Cite this document
(“Educating Aboriginal Children Essay Example | Topics and Well Written Essays - 2000 words”, n.d.)
Retrieved from https://studentshare.net/english/310073-educating-aboriginal-children
(Educating Aboriginal Children Essay Example | Topics and Well Written Essays - 2000 Words)
“Educating Aboriginal Children Essay Example | Topics and Well Written Essays - 2000 Words”, n.d. https://studentshare.net/english/310073-educating-aboriginal-children.
Aboriginal Culture Question 1 a. Aboriginal Dreaming is not merely a series of mythical stories about ancestral heritage and the forming of earth but encompasses all that is indigenous in relation to knowledge; integral to knowledge and Dreaming is indigenous spirituality.
Willy Russell’s Educating Rita. The comedy Educating Rita is based on the ancient myth of Pygmalian the sculptor who fashioned a female form which he called Galatea and then fell in love with her. The main theme of the play is the relationship between a teacher and a student.
II. First Argument: Literary education has great magnitude of bringing positive change in our lives through altering our perceptions regarding the world. III. Second Argument: Everybody can benefit from education since it enables us to set and achieve goals.
To them children are God given gifts and their culture obligates all people to hold children with intense respect and equality as the primary aspects of their pride. Aboriginal people take it as they key duty to improve and enhance the social, educational, economic and psychological well-being of their children.
Modern Aboriginal Literature Australian’s modern Aboriginal literature has grown and now receives both national and international attention. This is a big stride given that its usefulness was at once facing relegation from the literature world. The growth of Aboriginal literature is far much reaching effect on social, political, and cultural contexts (Munkelt, 2013).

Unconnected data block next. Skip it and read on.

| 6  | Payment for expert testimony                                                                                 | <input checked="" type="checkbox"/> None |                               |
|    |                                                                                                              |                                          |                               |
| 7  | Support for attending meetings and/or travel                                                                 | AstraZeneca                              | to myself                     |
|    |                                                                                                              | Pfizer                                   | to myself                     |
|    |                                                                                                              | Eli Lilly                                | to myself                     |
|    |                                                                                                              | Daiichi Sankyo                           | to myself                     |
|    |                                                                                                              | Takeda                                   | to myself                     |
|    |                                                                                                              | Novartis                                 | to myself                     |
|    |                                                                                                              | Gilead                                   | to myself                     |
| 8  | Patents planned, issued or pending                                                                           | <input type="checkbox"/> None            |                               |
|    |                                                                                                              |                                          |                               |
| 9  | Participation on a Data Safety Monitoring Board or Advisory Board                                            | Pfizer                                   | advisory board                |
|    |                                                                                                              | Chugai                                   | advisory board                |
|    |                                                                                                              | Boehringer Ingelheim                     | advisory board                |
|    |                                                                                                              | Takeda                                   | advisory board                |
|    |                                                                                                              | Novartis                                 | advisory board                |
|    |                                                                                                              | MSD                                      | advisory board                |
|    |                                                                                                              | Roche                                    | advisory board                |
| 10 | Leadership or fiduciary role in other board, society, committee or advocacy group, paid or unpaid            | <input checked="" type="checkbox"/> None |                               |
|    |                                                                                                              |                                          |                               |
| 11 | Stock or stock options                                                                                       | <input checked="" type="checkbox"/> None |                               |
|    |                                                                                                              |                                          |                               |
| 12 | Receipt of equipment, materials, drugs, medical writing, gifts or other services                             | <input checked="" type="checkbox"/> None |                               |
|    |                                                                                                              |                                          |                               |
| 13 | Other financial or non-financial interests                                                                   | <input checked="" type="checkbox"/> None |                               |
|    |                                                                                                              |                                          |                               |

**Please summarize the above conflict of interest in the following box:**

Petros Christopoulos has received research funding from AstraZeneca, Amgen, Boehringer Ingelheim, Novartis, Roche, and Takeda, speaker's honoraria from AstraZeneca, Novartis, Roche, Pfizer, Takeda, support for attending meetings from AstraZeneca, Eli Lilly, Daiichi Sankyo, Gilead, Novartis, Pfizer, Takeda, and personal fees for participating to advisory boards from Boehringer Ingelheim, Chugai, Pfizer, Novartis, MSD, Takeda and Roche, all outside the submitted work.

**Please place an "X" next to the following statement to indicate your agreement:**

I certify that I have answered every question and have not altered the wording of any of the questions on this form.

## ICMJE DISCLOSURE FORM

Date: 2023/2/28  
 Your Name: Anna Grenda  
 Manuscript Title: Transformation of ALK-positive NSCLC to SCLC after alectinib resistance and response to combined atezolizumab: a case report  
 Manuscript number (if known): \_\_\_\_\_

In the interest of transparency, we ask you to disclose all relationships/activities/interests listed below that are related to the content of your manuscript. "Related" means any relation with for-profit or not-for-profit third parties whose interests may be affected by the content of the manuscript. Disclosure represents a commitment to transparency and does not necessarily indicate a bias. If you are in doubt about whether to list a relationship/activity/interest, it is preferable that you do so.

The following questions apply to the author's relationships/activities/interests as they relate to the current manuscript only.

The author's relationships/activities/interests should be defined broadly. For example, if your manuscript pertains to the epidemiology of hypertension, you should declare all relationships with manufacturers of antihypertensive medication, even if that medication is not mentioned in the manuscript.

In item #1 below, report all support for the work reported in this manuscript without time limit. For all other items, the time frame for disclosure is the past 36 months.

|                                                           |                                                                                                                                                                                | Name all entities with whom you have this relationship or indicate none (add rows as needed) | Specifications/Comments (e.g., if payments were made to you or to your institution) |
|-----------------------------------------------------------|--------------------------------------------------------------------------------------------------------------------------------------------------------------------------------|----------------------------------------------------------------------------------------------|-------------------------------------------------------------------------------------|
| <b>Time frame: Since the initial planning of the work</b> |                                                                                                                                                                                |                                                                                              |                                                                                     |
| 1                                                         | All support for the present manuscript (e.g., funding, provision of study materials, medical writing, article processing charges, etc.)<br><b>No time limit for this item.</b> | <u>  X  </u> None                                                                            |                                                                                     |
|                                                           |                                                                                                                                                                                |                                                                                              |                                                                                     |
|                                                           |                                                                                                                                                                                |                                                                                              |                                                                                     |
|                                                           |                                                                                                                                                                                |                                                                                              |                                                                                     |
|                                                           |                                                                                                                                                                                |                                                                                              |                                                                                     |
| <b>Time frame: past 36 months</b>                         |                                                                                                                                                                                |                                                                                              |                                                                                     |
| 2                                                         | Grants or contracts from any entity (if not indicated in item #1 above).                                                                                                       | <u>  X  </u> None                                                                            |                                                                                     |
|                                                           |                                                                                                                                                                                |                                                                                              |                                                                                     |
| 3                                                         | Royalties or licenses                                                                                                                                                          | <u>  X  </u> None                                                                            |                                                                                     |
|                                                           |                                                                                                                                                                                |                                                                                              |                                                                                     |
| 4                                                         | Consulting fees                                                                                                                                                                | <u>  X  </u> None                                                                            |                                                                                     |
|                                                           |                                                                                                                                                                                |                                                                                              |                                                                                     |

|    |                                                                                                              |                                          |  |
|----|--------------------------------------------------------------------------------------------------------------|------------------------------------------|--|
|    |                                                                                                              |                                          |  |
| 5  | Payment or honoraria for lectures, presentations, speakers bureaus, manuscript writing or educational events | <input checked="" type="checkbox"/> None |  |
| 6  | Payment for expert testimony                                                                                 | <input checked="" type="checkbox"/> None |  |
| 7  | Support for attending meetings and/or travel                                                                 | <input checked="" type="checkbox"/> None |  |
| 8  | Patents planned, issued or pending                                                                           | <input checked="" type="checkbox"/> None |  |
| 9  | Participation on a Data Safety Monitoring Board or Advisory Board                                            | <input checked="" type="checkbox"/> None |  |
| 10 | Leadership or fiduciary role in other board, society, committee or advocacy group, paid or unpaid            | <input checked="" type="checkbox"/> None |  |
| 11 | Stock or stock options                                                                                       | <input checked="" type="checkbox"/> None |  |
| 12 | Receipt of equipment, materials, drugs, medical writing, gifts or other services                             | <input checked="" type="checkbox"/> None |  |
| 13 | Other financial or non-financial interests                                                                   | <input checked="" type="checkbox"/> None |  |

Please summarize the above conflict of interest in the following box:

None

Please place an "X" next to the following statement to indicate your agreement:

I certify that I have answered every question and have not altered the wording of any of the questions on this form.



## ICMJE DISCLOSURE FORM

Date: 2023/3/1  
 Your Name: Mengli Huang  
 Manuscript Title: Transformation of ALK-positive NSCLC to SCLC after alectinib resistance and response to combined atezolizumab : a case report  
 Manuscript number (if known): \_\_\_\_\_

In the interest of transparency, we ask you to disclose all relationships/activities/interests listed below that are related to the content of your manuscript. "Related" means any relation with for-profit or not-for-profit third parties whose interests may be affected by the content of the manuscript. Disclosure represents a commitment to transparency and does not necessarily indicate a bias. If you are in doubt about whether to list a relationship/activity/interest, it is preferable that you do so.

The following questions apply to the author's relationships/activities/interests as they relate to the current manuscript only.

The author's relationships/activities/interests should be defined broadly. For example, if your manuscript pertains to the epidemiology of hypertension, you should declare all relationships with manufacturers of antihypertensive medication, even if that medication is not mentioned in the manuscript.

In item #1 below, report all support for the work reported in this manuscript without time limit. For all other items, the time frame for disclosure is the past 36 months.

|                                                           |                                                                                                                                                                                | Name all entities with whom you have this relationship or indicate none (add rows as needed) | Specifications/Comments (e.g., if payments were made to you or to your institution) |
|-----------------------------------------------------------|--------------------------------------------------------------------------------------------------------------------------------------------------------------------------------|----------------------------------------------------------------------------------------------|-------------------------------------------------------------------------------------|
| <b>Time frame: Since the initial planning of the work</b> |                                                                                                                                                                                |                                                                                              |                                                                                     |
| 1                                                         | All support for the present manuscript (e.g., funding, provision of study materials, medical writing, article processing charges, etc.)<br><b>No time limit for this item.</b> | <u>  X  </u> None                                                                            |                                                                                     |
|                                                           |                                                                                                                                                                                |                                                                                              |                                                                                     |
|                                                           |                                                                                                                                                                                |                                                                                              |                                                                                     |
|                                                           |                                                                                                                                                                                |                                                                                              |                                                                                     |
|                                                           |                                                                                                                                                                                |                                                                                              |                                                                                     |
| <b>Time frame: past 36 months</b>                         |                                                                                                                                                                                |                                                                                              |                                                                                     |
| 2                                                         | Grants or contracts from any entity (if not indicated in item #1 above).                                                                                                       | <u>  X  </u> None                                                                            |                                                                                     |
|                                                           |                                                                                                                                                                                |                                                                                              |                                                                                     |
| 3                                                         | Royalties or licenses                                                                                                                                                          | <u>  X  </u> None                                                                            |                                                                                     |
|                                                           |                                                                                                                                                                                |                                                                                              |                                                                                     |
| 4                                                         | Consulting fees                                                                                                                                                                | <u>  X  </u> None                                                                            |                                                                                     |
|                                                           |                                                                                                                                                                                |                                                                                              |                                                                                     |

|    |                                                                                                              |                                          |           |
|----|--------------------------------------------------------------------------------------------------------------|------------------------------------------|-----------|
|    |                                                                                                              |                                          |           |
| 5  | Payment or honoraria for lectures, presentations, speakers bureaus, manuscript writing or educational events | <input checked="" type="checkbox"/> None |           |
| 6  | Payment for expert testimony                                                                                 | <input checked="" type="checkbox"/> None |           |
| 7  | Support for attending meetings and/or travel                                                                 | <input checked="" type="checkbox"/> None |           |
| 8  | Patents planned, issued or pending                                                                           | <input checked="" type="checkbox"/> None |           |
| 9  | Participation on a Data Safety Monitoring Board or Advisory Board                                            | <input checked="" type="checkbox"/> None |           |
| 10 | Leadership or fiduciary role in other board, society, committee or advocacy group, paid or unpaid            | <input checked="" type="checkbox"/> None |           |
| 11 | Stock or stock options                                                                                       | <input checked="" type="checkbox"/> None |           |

Australian Aboriginal is the oldest living culture in the earth. They are living a nomadic life following the seasons and the food. The 19th century was said to be the period of dispossession. The dispossession took place in the first century and a half of European-Aboriginal relations in Australia.
For the most part, many of these children never saw their parents or relatives again. The "lost generation" has been the subject of most contemporary Aboriginal literature. Most noticeably, Doris Pilkington's Rabbit Proof Fence tells the story of three girls escape from the white society in which they were placed and return to their Aboriginal reservations.
Students aim to include subjective narrative and/or cultural observation in their artwork. The level of community involvement is up to the teacher. This lesson supports tactile, visual and group learning methods and is appropriate for both indigenous and
The researcher claims that the purpose of introducing residential schools was to teach English and adapt children to the mainstream society through language and religion adoption in hopes that these would be passed on to future generations. The impact of residential schools was so great that its aftermaths still linger among the present generation.
The Indian Act has provided ways to understand the native identity and their way of life. The main purpose of the act was to control and manage the lives of every registered Indians and reserve communities. The Indian Act made it
4 Pages(1000 words)Essay
GOT A TRICKY QUESTION? RECEIVE AN ANSWER FROM STUDENTS LIKE YOU!
Let us find you another Essay on topic Educating Aboriginal Children for FREE!